I could have done this the simple way by just passing you the URL to the blog post at CSO showing the original stuff. But since this is both important and interesting reading, I decided to write my own blog post.
The Identity Theft Resource Center (ITRC) is a non-profit organization in the US designed to provide free suggestions to consumers about what they can do about identity theft. According to Wikipedia it was founded in December 1999 in San Diego, California. They have been tracking security breaches since 2005, looking for patterns, new trends and any information that may better help them protect data and assist companies in their activities. They publish an interesting data breach list defined this way:
“The ITRC breach list is a compilation of data breaches confirmed by various media sources and/or notification lists from state governmental agencies. This list is updated daily, and published each Tuesday. To qualify, breaches must include personal identifying information that could lead to identity theft, especially the loss of Social Security numbers. ITRC follows U.S. Federal guidelines about what combination of personal information comprise a unique individual, and the exposure of which will constitute a data breach.”
According to ITRC a data breach is defined as “an event in which an individual name plus social security number, driver’s license number, medical record or a financial record/credit/debit card is potentially put at risk – either in electronic or paper format”.
There are currently two breach reports that are updated and posted on-line on a weekly basis. The ITRC Breach Report presents individual information about data exposure events and running totals for a specific year. The ITRC Breach Stats Report develops some statistics based upon the type of entity involved in the data exposure. Data breaches are not all alike, and can be broken down into a number of categories. What they all have in common is that they usually contain personal identifying information in a format easily read by thieves, i.e. not encrypted.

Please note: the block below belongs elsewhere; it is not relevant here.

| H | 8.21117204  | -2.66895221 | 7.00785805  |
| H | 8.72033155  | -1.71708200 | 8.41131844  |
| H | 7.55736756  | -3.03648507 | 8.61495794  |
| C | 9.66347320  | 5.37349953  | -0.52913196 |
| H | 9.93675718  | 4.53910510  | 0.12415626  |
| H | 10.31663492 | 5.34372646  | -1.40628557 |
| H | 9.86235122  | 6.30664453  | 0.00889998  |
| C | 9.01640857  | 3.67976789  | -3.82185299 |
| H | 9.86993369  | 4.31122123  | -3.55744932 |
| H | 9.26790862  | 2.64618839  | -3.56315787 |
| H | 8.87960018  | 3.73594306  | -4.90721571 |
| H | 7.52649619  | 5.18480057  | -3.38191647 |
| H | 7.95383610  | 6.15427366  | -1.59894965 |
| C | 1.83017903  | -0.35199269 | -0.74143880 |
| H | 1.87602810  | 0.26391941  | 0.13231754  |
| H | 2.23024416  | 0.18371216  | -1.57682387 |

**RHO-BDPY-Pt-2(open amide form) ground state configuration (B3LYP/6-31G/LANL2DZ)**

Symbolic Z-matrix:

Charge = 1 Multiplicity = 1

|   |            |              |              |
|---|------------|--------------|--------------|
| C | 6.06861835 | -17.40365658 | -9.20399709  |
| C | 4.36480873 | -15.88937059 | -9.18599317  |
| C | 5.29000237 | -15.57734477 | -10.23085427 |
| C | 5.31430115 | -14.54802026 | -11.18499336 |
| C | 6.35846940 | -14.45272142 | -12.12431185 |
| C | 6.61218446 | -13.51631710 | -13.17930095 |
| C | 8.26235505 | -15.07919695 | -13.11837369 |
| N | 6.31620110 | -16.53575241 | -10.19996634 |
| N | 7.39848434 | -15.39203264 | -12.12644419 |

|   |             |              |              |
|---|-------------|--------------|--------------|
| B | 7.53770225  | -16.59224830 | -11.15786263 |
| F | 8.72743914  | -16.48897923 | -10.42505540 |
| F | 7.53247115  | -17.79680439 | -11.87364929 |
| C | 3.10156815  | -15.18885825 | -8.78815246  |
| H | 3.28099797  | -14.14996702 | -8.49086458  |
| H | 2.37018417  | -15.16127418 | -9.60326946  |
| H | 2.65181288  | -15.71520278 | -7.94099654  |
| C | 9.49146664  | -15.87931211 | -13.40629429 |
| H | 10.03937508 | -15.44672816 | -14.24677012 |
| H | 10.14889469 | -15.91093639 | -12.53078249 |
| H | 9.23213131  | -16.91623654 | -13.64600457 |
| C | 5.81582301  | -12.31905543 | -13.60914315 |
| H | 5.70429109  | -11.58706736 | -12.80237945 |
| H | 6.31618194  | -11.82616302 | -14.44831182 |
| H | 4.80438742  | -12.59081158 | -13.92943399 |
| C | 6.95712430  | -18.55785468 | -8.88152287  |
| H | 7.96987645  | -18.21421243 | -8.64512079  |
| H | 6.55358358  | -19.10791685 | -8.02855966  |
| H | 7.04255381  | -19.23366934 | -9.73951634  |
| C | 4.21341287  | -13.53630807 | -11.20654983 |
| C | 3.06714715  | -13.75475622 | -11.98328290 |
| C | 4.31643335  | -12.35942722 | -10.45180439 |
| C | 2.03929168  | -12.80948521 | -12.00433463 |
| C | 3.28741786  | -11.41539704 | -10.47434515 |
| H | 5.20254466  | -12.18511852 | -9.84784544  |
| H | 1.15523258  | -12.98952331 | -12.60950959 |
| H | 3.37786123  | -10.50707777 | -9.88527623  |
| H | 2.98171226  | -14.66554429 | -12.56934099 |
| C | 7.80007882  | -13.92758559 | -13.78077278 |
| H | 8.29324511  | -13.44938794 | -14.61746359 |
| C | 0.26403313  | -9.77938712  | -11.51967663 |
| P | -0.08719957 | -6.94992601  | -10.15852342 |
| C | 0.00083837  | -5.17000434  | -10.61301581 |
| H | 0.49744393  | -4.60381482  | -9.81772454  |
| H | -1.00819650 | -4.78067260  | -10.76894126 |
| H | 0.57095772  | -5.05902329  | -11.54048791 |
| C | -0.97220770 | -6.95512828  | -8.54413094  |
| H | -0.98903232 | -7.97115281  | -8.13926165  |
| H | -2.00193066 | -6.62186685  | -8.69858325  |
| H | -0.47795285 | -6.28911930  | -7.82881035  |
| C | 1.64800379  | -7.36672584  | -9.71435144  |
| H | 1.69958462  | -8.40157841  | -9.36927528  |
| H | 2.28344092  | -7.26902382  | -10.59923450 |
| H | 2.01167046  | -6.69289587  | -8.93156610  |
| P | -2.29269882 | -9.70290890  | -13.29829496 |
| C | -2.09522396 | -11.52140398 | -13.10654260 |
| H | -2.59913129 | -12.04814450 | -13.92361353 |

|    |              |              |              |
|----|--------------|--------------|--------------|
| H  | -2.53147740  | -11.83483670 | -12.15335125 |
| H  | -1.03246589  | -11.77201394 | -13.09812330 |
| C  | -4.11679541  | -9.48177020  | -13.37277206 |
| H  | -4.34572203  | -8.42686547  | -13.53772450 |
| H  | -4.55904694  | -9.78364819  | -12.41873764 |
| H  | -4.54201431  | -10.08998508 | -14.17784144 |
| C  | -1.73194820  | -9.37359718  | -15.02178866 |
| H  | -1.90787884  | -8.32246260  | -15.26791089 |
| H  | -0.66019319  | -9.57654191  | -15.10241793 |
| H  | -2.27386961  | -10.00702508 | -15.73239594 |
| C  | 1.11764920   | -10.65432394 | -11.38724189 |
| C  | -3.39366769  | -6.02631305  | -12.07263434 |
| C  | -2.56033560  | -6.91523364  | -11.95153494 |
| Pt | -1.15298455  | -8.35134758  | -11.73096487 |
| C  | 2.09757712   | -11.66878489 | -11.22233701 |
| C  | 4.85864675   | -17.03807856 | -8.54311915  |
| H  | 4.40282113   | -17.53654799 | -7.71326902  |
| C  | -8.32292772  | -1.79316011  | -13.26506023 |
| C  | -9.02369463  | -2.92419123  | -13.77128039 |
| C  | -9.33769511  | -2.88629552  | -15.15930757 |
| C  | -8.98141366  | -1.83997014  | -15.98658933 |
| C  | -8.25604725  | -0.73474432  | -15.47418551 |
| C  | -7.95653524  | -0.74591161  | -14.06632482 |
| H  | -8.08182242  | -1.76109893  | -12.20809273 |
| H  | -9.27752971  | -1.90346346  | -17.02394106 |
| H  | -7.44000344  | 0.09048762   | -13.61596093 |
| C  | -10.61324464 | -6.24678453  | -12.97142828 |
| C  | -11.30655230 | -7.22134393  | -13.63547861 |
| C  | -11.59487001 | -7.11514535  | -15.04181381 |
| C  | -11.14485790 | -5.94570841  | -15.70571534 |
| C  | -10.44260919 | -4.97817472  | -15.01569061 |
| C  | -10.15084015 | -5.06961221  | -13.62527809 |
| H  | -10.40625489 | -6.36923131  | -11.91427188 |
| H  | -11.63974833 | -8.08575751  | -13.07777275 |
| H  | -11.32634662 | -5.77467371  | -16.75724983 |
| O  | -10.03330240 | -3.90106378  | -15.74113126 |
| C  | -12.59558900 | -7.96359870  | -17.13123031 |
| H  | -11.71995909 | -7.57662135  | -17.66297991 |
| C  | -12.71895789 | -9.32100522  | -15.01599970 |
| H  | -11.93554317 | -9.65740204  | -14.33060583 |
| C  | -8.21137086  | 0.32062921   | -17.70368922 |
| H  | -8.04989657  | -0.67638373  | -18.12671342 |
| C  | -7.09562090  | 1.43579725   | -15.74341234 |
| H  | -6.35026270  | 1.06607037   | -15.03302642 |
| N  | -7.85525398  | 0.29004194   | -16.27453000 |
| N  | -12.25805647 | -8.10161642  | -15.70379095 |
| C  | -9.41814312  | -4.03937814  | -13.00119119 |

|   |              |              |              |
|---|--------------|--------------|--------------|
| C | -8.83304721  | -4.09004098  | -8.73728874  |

Based on these reports CSO has made a nice slideshow presenting the top 15 worst by mid-June this year. The number is actually higher since my blog post is written a month later, and you’ll find updated reports for 2012 here at ITRC. Just click on the picture above to open a new browser window to watch the slideshow.
Hopefully this blog post has given you some more knowledge about ITRC and the important work with identity theft, data breaches and publishing information about this theme. On thing is for sure, the number of data breaches and identity thefts will increase in the future. You or your company can be the next victim.
Let me finish by saying that my company are developing Ensafer for encrypting sensitive information on the Internet, so I have a passion for this area.
BTW: If you want to read about the 15 worst Internet privacy scandals of all time, you’ll find it here posted by Networkworld.
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